I learned other lessons from musicians in Mel’s band.  I’d brought in one piece, and at the rehearsal lead trumpeter Earl Gardner said, ”McNeely, you’ve got to give us some time to rest.” I said, “Well, after the head you guys don’t play for a long time.” Earl said, “No, it’s that when we’re playing, we need to get the horns off our faces some of the time.” My semester of trumpet class at the U. of Ill. hadn’t prepared me for this! In another arrangement I started with flügelhorns going up to a double high F#. After passing out the parts the trumpet players laughed.  Again, Earl: “McNeely, do you really want this?” Not really knowing what I wanted, of course I said “Yes, it is.” “Okay!” We played it. I immediately understood the hilarity and re-wrote the intro.

My time with Mel’s band (’79-’84) afforded me another incredible arranging lesson: to sit at the piano every Monday, playing such great music. Hearing the harmonies; the inner voices (especially first tenor, closest to the piano); Thad’s rhythmic language; Brookmeyer’s cranky harmonies. I loved it all, week after week. It was learning by osmosis. Write—hear—evaluate—repeat.

My working with Brookmeyer led to five years of writing and conducting music for the WDR Big Band in Cologne, Germany.  I had pretty much carte blanche with them.  I wrote a lot of original music, some for soloists like John Scofield, David Liebman and Phil Woods, and some without a “name” soloist. I was able to try so many new ideas, and get immediate feedback, from the musicians and from my own listening.  For one project I realized that brass mutes were a big mystery to me.  So I threw caution to the wind and just went for it.  Every arrangement had different combinations of mutes, and a lot of woodwinds. Most of it worked, some of it didn’t. And I learned a lot. Write—hear—evaluate—repeat.

Being “of a certain age” I came up writing with pencil and paper.  I’m glad I did.  Pencil, paper and keyboard get my hands on the music. The process is physical and tactile.  One time, years ago, I decided to try composing directly on the computer. I felt like I was looking at the music through a window—like visiting someone in prison.  I decided I wanted to be in touch with the music.  I’ve since learned the value and role of the computer, especially with all the writing I do for European ensembles.  I do the final stages of scoring in Finale.  But the beginning and middle of the process are done with a pencil—I love the feel of the paper and the smell of the eraser.  I love the anticipation of looking at blank pages of a large-format music manuscript book—wow, what’s going to happen here? No bar lines, no systems—plenty of room to let the imagination flow. Before I know it, it’s filled with scribbles. I use some, I don’t use others. But they are all part of the overall process.  A leads to B leads to C leads to D…..leads to R. I might continue on to W, but then decide to stay with R. But R would not exist without A-Q and S-W.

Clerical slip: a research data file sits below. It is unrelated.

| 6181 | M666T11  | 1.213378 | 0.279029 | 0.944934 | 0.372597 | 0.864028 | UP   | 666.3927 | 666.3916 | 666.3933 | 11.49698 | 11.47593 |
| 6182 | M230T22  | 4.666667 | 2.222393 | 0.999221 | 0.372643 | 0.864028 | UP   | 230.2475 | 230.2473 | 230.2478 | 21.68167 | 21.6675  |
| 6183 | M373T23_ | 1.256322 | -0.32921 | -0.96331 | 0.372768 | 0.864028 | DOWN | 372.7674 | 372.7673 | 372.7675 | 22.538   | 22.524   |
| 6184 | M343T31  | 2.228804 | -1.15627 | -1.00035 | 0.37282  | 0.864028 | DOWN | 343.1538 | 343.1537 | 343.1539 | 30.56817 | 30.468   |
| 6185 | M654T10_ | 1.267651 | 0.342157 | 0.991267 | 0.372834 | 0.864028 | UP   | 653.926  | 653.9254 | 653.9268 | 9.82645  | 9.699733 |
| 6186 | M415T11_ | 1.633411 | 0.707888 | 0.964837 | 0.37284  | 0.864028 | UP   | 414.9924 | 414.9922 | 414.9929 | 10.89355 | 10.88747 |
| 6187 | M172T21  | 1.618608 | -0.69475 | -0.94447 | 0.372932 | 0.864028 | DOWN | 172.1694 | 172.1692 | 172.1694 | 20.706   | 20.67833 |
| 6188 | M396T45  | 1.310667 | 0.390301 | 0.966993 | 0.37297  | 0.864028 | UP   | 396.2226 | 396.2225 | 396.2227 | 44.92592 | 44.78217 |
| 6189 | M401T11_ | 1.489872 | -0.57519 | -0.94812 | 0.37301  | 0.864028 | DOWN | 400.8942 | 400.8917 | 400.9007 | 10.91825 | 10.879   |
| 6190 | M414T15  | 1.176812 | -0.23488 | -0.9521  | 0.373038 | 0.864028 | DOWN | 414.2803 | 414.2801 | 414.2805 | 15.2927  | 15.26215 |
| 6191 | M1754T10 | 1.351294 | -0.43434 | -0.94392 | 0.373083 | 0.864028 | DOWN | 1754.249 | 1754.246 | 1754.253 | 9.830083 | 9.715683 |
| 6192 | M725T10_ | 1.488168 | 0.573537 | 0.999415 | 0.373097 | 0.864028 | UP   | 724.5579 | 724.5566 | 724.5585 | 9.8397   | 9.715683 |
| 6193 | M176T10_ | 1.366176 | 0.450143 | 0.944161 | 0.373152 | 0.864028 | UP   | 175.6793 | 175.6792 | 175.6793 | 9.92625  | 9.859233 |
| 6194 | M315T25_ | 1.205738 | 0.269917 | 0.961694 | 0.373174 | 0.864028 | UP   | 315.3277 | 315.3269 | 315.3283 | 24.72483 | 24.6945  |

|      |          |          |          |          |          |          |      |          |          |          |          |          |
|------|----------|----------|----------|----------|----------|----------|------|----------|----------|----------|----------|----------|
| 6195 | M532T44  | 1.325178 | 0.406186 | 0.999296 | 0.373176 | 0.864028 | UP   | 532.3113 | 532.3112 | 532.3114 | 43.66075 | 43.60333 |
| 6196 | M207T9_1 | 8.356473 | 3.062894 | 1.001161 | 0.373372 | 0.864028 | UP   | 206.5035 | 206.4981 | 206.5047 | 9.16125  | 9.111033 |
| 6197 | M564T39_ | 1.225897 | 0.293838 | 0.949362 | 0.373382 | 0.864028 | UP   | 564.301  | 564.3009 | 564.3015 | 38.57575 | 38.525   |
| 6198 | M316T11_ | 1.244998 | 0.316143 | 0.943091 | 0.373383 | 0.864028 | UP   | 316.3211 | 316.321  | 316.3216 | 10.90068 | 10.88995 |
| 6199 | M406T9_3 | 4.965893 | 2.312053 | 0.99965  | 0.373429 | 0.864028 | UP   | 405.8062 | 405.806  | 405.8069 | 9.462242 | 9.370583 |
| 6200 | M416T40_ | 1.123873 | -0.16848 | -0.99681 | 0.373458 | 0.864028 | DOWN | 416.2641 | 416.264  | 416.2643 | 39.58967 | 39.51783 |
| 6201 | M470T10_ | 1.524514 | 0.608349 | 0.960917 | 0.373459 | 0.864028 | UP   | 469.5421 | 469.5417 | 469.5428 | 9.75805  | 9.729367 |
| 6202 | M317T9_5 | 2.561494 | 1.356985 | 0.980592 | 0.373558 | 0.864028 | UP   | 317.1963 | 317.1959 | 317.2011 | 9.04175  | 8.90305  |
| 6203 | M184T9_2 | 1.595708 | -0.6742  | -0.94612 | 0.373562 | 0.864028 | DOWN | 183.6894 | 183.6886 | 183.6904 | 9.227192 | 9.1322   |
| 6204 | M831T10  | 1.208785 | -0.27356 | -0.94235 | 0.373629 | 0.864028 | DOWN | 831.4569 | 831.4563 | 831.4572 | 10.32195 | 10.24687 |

People who’ve studied with me know that I am very big on planning a piece. The shape. The form. The color. The surface sound. But I’ve also learned to be flexible in those regards. In 1993 Jon Faddis asked me to arrange a program of songs from the Benny Goodman repertoire for the Carnegie Hall Jazz Band. One of tunes was Louis Prima’s Sing, Sing, Sing. Goodman’s original version featured a free duet between himself and drummer Gene Krupa.  For the mid-‘30’s this was quite an advanced concept.  Thinking of this, as well as the duos that John Coltrane played with Elvin Jones or Rashied Ali on drums, I wanted to feature David Liebman on soprano sax and Victor Lewis on drums. Using Goodman’s 1938 Carnegie Hall recording as a loose model, I carefully planned my arrangement.  I composed call-and-response figures for the band, with Lewis answering.  Then Liebman would solo, followed by a similar composed call-and-response section with him. I orchestrated the drum solo section and started sketching the section for Lieb.  That’s when the phone rang.